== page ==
Movement patterns of patients with FAIS were different from controls. Specifically, patients with FAIS had lower peak hip extension, total sagittal plane ROM and peak hip internal rotation during stance phase of walking and squatted to a lesser depth, with no difference in hip flexion range. The pooled results of hip kinematic differences during walking build on the results of the previous review,11 but few conclusions can be made for the other tasks, and for pelvic kinematics. These represent areas of future research.
Reduced hip extension towards terminal stance is consistent with findings in early-stage hip OA,36 end-stage hip OA37 and following total hip replacement.38 Reduced hip extension may be a strategy to reduce load on the anterior hip during walking.39 However, this behaviour has also been hypothesised to be maladaptive, decreasing the stimulus to anterior hip musculature, which can negatively affect hip stability over time.40 41 At this time, the implications of lower peak hip extension angle during walking are not known.
Patients with FAIS produced lower peak external rotation torque, and lower peak hip internal rotation angles during walking compared with controls. These adaptations may represent a strategy to avoid positions of internal rotation, which are often reported to be painful in patients with FAIS.5 As external moments are offset by internal moments of the antagonistic muscle groups/movements, a lower peak external rotation joint torque may decrease the demand on the internal rotators to minimise pain/discomfort.27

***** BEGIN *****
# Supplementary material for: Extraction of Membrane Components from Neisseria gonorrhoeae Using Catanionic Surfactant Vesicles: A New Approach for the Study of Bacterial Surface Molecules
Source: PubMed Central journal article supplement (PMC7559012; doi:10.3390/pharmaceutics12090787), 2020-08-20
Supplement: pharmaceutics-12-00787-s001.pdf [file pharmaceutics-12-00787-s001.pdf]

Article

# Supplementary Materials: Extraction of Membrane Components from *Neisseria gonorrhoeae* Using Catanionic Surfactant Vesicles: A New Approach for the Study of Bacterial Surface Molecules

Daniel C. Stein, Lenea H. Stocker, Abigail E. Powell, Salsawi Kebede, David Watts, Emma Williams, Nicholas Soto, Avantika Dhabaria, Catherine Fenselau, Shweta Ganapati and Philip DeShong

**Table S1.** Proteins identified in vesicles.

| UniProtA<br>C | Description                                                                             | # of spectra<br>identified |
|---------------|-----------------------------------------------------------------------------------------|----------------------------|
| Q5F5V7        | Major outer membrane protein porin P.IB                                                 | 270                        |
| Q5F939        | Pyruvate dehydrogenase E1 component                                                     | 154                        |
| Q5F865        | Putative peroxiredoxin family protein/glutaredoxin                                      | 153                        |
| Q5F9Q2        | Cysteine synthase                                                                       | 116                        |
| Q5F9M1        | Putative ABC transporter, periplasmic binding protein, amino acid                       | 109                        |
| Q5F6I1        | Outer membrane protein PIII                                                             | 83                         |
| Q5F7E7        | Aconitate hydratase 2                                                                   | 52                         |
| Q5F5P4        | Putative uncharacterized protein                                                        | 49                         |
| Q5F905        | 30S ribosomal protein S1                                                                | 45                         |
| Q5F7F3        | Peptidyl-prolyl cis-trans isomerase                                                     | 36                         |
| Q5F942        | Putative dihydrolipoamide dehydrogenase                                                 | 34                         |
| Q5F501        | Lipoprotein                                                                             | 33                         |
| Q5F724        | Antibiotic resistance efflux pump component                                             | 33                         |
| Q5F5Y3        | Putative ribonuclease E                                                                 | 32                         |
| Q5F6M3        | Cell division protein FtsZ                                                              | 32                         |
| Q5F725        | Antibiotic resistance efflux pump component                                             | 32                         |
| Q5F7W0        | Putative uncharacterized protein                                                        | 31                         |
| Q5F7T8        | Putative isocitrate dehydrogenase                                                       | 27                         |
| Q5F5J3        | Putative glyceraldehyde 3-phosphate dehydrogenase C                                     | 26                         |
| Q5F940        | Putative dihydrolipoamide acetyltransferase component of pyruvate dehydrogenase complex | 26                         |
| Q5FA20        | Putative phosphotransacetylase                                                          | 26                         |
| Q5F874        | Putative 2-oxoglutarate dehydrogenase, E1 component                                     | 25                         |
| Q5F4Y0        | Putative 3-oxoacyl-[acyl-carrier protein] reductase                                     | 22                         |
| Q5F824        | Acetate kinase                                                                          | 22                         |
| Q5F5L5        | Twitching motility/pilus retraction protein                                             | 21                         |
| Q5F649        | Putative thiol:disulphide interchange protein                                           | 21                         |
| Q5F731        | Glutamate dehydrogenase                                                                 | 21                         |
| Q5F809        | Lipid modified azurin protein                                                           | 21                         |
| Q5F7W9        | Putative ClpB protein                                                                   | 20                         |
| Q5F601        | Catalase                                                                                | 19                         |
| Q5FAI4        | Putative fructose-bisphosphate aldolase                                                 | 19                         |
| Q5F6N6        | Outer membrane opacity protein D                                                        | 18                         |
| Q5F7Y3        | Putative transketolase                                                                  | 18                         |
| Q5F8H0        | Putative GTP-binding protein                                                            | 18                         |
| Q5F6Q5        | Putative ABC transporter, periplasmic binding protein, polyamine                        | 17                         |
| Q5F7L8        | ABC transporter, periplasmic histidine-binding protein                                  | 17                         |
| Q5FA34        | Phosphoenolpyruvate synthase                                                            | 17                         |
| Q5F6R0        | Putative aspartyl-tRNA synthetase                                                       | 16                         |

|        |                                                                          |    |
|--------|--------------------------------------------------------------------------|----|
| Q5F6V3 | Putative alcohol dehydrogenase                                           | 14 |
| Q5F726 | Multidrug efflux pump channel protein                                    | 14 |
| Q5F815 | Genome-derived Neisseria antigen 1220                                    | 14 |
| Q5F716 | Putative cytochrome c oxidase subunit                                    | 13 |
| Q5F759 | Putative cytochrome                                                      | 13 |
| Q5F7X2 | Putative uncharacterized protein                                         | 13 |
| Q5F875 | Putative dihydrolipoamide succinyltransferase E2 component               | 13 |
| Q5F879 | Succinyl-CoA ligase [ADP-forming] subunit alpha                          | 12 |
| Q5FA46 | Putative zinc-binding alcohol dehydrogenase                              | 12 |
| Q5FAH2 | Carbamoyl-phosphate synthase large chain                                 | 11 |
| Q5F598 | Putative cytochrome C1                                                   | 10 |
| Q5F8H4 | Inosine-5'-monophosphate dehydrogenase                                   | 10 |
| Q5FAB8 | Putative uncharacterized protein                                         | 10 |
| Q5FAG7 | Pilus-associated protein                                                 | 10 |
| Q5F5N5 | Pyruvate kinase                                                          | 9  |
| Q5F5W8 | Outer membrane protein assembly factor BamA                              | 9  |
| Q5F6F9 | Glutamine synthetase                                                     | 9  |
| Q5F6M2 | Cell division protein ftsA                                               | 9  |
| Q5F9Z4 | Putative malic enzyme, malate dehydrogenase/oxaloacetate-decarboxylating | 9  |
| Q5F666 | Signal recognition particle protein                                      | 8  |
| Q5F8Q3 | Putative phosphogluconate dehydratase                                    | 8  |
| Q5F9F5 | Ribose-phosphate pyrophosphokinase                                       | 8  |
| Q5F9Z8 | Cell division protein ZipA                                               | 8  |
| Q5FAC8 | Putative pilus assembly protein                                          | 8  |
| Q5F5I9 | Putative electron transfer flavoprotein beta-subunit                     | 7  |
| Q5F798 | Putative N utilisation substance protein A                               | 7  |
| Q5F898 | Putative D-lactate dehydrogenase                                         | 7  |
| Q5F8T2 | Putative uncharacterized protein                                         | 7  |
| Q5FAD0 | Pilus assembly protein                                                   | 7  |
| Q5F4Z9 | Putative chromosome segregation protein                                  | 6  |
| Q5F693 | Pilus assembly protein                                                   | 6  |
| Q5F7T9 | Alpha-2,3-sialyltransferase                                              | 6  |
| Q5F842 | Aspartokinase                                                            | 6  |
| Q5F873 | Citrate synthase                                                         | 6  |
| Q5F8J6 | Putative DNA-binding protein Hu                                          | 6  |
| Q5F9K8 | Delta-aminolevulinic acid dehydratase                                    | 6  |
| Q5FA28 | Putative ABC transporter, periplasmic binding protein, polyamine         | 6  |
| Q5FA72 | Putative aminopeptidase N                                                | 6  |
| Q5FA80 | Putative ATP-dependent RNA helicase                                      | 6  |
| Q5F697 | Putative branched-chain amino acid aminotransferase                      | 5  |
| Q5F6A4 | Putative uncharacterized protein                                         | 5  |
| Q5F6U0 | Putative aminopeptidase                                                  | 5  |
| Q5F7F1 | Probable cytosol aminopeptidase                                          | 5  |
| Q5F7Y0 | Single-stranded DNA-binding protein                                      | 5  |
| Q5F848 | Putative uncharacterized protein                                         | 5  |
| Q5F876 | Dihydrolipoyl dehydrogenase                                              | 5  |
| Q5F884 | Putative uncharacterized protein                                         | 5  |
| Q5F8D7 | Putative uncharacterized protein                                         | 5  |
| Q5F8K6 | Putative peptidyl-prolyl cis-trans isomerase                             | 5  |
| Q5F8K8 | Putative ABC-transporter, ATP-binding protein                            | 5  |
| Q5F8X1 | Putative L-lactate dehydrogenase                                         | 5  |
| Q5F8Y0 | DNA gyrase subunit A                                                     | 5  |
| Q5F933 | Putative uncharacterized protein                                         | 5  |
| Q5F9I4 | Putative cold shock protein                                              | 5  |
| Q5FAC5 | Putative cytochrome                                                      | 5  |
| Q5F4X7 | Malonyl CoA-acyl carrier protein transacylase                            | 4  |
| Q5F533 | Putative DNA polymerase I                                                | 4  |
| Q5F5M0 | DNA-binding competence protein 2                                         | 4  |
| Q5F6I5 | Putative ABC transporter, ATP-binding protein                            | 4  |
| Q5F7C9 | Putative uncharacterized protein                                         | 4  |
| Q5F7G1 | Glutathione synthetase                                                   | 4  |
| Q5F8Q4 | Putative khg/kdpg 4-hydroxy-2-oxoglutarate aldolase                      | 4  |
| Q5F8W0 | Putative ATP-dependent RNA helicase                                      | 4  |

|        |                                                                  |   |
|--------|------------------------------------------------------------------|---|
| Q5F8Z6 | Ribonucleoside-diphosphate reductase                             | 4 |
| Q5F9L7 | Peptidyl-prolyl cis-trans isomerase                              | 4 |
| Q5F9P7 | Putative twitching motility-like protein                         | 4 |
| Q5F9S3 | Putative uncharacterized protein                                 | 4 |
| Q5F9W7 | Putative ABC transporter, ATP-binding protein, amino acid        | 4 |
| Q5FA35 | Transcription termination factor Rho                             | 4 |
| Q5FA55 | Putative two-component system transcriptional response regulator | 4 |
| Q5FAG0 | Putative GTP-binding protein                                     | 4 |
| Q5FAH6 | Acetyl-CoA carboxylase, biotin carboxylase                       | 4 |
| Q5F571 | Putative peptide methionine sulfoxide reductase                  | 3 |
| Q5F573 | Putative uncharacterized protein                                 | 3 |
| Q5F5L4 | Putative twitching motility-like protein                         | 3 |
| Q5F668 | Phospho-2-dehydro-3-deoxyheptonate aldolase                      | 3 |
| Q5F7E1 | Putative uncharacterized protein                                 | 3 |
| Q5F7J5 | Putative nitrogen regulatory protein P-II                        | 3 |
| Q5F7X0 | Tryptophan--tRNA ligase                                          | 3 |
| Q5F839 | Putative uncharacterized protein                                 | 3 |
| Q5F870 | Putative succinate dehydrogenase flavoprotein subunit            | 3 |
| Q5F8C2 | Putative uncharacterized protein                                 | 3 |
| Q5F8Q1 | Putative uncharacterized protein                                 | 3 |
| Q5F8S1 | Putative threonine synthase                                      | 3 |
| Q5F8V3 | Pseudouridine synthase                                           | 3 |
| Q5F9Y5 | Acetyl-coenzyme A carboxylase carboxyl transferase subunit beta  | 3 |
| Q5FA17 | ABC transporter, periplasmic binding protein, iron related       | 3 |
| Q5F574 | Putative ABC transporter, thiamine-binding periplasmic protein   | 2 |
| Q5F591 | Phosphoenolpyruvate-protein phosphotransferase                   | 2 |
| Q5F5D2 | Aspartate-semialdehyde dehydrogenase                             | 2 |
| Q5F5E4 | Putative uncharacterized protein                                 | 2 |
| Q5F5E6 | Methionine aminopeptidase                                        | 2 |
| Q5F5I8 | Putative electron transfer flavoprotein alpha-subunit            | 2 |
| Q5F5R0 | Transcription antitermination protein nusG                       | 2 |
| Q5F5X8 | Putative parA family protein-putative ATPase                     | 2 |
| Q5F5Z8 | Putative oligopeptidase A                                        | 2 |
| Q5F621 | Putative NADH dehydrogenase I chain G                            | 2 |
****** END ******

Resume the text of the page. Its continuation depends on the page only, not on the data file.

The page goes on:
The effect size was small for lower peak hip extension angle (−0.40), moderate for lower peak hip internal rotation angle (−0.67) and moderate for lower peak hip external rotation torque (−0.71). The clinical implications of these differences and the long-term effects of alterations in biomechanics on joint health and long-term outcomes in patients with FAIS are relatively unknown, as no studies have evaluated these outcomes over time. Longitudinal studies into whether these differences in walking are associated with symptom or disease progression are needed to understand if such impairments may benefit from targeted management strategies, or whether they are protective movement patterns. Such information would enhance our understanding of the association between FAIS and OA.
Participants with FAIS did not squat as deep as controls, despite no difference in peak hip flexion angle. Reduced squat depth, but no difference in peak hip flexion angle may reflect poor motor programming, pain or fear of the task. Before recommendations can be made, greater investigations into the barriers to squat depth need to be explored. Since squatting type movements are required during everyday activities, patients with FAIS may benefit from skill retraining as a component of conservative management strategies.